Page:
Strongly disagree. Yes, this is a stupid thing to agree with, but the odd wording may have confused some people because having the largest market share is a necessary but not sufficient condition for a monopoly. Basically, since libertarians generally don't believe in or care about monopolies, they would usually answer "disagree" even if they didn't understand the concept, so it was a question designed to make liberals look stupid.
"Third World workers working for American companies overseas are being exploited (unenlightened answer: agree)."
Strongly agree: What is exploitation? Let's stick to the easy ones. I believe that child labor is a form of exploitation. Can anyone claim that there is no child labor in the world? I also believe that workers are exploited if they are denied the fundamental right to choose whether or not to form a union, or if they are brutally treated by their employers. Again, it's quite certain that this happens at times. Now, reasonable people can disagree with me on these points. But it doesn't make them smart and me stupid because we have an ideological disagreement about deeply ideological terms.
"Free trade leads to unemployment (unenlightened answer: agree)."
Somewhat disagree: Obviously, free trade (like any change in trade rules) creates labor force changes. Some people do become unemployed as a result of free trade. However, I'm assuming that this question refers to overall unemployment rates, and the strong wording of the statement makes me somewhat disagree.
"Minimum wage laws raise unemployment (unenlightened answer: disagree)."
Somewhat disagree: yes, minimum wages will cause some hiring that would have occurred at lower wages to cease. However, that doesn't automatically increase unemployment rates. People who get higher wages may not need to work multiple part-time jobs, allowing more people to get a job. Others may have an incentive from a higher minimum wage to give up unemployment compensation or welfare payments. So, unemployment rates could actually decrease because of a minimum wage increase, although it's not very likely. Scientifically, if we look at the unemployment rates in the wake of minimum wage increases, there is far from any clear-cut correlation that I'm aware of. So the strong assertion of this statement seems unsupported, and therefore I somewhat disagree.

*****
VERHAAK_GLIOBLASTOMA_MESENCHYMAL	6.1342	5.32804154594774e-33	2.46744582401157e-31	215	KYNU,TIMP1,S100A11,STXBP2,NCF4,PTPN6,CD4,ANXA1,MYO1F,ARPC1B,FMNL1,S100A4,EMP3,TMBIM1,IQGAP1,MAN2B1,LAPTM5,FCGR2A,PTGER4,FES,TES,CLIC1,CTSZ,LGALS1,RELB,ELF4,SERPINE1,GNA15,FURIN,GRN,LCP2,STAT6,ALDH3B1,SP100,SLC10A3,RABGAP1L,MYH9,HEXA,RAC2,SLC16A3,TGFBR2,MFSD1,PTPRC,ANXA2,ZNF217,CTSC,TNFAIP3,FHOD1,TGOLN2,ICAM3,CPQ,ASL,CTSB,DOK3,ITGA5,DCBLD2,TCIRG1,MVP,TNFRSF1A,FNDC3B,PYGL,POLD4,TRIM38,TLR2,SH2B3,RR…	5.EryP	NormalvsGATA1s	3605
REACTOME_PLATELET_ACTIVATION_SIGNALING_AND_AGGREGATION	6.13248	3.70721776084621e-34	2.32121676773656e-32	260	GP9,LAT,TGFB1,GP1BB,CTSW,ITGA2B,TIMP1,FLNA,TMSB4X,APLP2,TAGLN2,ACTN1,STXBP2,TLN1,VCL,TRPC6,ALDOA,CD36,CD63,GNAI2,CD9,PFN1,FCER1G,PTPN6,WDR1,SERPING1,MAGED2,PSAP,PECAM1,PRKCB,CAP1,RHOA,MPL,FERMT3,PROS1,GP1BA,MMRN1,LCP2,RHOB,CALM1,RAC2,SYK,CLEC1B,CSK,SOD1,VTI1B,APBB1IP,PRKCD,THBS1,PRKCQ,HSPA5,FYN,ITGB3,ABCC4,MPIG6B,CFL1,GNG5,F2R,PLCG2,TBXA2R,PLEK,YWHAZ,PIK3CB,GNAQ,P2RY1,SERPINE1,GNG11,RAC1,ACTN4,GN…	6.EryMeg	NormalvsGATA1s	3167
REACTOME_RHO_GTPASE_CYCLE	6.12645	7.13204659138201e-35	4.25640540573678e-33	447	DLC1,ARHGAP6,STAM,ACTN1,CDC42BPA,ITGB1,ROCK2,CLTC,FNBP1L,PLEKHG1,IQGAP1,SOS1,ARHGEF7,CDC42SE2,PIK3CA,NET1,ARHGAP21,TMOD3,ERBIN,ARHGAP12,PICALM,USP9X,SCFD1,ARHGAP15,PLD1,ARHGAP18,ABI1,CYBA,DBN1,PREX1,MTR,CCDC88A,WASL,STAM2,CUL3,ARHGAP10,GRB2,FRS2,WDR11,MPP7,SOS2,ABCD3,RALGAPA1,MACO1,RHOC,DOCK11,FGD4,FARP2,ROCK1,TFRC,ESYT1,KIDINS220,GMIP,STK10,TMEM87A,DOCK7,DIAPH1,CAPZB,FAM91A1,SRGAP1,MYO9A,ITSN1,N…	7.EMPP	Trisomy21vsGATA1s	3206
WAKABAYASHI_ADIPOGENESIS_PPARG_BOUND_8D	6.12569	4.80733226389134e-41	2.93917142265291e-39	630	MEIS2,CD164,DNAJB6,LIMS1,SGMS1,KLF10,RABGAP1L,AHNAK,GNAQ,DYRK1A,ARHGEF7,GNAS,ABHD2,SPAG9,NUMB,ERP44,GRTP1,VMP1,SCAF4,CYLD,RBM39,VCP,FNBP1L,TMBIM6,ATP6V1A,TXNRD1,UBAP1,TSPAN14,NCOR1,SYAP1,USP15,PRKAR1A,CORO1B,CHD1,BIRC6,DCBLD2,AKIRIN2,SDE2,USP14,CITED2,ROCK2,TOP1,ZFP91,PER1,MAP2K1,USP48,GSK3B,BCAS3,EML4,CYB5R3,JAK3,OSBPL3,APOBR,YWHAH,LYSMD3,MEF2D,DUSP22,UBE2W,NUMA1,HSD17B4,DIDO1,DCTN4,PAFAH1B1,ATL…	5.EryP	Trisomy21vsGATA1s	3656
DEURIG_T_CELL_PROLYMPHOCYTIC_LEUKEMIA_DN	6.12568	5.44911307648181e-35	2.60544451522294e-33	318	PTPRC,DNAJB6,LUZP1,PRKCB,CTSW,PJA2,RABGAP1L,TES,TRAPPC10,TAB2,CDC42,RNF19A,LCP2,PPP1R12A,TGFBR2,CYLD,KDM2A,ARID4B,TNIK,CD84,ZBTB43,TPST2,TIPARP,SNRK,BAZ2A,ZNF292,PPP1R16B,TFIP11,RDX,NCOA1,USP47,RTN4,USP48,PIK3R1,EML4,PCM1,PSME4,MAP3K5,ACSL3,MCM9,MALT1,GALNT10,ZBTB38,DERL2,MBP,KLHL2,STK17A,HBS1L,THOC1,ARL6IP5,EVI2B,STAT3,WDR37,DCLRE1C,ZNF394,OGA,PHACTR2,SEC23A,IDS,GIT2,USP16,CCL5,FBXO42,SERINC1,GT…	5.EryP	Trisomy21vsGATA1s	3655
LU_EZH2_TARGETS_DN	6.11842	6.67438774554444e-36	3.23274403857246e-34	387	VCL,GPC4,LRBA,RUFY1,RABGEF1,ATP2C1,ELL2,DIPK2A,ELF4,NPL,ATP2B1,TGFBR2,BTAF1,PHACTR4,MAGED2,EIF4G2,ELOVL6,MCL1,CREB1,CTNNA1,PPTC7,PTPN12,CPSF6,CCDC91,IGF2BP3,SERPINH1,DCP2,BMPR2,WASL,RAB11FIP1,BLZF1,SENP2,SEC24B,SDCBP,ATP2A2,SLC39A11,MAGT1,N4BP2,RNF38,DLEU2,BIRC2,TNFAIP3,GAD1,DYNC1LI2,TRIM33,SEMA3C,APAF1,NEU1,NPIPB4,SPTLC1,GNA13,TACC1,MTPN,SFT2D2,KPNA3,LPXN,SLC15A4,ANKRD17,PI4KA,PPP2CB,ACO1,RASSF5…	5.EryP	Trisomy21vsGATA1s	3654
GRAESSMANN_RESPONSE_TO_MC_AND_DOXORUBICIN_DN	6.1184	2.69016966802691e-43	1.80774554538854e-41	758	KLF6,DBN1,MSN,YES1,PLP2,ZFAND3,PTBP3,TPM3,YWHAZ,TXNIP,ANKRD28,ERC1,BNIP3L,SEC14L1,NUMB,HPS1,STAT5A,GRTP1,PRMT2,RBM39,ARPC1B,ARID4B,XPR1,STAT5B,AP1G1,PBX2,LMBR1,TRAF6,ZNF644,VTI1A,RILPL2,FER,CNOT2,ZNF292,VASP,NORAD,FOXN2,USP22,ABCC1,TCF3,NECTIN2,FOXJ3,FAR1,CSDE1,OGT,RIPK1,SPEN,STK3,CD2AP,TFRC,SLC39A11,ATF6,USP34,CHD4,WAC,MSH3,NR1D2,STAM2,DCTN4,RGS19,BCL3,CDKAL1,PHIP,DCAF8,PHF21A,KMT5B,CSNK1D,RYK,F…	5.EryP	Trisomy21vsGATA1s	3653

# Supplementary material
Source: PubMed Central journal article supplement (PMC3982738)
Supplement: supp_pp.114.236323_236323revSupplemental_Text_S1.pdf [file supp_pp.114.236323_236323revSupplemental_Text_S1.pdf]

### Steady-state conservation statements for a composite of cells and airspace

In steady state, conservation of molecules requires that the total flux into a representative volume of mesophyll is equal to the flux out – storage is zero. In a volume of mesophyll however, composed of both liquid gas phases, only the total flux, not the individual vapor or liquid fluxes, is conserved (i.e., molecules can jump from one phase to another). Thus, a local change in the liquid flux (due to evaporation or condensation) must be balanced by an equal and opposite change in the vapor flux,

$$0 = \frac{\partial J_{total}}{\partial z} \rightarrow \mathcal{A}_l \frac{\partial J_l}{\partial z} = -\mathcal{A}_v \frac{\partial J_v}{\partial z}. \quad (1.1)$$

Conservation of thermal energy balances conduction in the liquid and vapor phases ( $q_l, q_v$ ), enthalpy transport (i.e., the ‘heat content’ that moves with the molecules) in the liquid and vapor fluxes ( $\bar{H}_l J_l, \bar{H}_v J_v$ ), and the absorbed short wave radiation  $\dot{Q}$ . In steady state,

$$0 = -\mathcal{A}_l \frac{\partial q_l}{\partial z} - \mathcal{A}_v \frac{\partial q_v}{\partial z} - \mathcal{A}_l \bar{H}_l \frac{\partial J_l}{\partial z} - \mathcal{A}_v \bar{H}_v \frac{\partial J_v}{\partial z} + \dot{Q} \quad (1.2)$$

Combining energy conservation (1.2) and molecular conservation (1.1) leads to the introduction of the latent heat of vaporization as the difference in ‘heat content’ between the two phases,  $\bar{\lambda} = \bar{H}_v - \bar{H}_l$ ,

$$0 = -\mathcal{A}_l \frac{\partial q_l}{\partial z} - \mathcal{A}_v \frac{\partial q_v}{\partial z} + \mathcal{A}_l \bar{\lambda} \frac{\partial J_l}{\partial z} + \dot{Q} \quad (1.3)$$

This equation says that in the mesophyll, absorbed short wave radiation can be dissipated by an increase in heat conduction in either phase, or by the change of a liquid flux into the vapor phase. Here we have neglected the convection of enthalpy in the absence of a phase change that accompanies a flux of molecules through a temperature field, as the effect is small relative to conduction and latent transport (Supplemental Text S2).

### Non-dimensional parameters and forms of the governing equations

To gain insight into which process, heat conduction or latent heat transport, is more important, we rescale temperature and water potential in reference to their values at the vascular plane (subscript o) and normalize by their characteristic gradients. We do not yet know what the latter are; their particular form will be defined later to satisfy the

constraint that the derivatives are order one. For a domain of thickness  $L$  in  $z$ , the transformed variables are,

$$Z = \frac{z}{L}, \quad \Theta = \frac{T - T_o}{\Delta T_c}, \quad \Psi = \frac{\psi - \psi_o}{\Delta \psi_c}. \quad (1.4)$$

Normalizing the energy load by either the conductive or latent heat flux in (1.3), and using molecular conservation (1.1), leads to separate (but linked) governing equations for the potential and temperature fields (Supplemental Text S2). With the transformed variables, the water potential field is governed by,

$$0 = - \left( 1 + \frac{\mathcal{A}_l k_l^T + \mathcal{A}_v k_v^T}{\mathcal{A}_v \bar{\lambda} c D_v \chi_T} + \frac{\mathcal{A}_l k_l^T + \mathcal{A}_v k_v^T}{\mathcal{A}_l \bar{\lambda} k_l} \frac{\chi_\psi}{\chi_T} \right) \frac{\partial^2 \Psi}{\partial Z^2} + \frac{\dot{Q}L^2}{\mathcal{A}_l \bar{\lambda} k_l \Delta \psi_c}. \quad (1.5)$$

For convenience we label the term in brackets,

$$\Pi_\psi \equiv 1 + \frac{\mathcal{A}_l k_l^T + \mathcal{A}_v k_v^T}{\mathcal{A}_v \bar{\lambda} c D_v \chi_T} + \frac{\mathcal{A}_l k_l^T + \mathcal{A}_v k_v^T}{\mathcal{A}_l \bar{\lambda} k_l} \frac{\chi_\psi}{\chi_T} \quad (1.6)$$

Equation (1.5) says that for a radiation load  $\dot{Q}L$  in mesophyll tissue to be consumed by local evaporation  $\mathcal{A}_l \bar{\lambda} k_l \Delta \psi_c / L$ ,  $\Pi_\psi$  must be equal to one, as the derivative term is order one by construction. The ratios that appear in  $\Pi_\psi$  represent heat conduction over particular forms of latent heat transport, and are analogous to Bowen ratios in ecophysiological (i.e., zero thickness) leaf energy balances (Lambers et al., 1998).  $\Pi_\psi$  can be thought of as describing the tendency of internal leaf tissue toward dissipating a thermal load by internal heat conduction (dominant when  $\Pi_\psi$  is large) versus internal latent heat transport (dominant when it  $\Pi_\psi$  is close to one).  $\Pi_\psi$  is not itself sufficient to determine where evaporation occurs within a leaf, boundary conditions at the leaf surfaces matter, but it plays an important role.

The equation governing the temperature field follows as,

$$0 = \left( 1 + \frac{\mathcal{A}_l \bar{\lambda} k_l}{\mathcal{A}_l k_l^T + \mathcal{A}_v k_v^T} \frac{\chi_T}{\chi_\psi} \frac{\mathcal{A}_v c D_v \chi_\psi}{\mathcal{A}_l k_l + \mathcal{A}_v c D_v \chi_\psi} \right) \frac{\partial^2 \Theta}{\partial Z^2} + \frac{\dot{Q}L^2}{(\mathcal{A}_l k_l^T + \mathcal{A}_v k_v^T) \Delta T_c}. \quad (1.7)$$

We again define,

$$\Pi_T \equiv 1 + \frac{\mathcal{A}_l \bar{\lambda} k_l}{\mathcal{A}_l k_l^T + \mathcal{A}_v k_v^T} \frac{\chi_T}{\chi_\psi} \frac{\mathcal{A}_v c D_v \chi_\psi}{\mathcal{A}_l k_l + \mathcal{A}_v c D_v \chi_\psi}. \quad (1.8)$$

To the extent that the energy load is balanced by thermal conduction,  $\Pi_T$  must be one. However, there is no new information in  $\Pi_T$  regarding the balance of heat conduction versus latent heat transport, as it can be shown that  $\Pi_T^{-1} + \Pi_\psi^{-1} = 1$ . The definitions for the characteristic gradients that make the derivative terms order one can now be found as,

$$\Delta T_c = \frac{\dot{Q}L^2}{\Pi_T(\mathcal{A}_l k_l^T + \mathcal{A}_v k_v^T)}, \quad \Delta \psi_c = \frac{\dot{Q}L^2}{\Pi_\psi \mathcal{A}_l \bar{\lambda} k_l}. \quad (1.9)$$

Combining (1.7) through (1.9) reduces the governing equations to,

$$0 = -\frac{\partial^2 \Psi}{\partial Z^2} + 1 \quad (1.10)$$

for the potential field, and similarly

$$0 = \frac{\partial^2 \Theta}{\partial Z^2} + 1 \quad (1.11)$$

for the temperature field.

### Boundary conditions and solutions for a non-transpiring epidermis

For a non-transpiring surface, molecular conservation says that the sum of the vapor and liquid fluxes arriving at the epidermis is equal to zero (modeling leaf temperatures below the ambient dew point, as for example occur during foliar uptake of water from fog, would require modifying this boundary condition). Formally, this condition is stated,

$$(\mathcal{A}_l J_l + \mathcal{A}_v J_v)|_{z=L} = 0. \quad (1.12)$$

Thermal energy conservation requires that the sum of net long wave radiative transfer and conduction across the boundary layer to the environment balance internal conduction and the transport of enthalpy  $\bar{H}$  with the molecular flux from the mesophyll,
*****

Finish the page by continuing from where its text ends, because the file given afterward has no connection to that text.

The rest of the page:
So, I finished with four "right" and four "wrong" answers. (To be more precise, I think that Klein finished with four "right" and four "wrong" answers, and that conservatives and libertarians were "dumber" than liberals according to this survey. But I disagree with Klein's notion that this test reveals ignorance about basic economic facts.)
I could easily design questions to make conservatives look stupid. For example, "do increases in income tax rates cause decreases in tax revenue?" The correct answer is clearly "disagree," as the Clinton Era shows beyond any doubt. Does anyone wonder which ideology would come up with the wrong answer to this kind of question, which is far less biased and more of an economic fact than Klein's questionnaire?
Klein's claim that "the left flunks Econ 101" only shows the ideological bias of mainstream economics teaching in America. Some may argue that professors in the humanities are similarly biased toward liberalism. But I've never seen a liberal academic come up with such a simplistic questionnaire about, say, sociological facts, and conclude that anyone who disagrees is an idiot.
Mark Bauerlein at Minding the Campus argues about the Klein "poll," "the survey does support the notion of factual blind spots, and we may infer that in more or less closed bodies such as academic departments in which one ideology reigns, the blind spots can dilate, progressively turning into accepted wisdom."
No, it doesn't. The Klein "survey" has nothing to do with academics. Even if Klein was correct in identifying liberal economic views as stupid (and he's not), Bauerlein has no reasonable basis for concluding that all economists who vote for Democrats would answer the same way as bozos on the internet who volunteer to take polls. The only blind spot here belongs to Bauerlein, who uses his ignorant assumptions about Democrats to smear all professors.
It's really annoying when ideological disagreements become the basis for accusations of stupidity. Now, I like to call people stupid as much as the next person (probably more). But I never use that word simply because of an ideological disagreement where there is plenty of room for rational debate.
But Bauerlein is right to use the phrase, "a formula for intellectual weakness." When a shoddy, dishonest "poll" is falsely used to smear all liberals as idiots, and the conservative movement promotes this superficial analysis as proof of the evils of liberal academics, it shows the intellectual weakness of the right-wing today.
Crossposted at CollegeFreedom.